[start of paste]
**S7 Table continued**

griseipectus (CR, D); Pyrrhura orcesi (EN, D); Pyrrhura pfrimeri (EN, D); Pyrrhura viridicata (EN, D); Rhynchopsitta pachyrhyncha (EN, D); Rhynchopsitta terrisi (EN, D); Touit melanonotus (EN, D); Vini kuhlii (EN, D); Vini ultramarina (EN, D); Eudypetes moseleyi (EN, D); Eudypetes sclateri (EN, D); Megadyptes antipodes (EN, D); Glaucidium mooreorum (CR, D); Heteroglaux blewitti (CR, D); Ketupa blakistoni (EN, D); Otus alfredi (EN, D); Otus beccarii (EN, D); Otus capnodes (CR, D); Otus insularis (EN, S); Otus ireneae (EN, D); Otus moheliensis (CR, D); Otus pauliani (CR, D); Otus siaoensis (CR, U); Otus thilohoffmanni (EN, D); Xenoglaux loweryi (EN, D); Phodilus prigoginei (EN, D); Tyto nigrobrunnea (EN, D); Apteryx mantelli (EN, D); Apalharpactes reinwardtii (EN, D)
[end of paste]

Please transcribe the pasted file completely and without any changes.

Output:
**S7 Table continued**

griseipectus (CR, D); Pyrrhura orcesi (EN, D); Pyrrhura pfrimeri (EN, D); Pyrrhura viridicata (EN, D); Rhynchopsitta pachyrhyncha (EN, D); Rhynchopsitta terrisi (EN, D); Touit melanonotus (EN, D); Vini kuhlii (EN, D); Vini ultramarina (EN, D); Eudypetes moseleyi (EN, D); Eudypetes sclateri (EN, D); Megadyptes antipodes (EN, D); Glaucidium mooreorum (CR, D); Heteroglaux blewitti (CR, D); Ketupa blakistoni (EN, D); Otus alfredi (EN, D); Otus beccarii (EN, D); Otus capnodes (CR, D); Otus insularis (EN, S); Otus ireneae (EN, D); Otus moheliensis (CR, D); Otus pauliani (CR, D); Otus siaoensis (CR, U); Otus thilohoffmanni (EN, D); Xenoglaux loweryi (EN, D); Phodilus prigoginei (EN, D); Tyto nigrobrunnea (EN, D); Apteryx mantelli (EN, D); Apalharpactes reinwardtii (EN, D)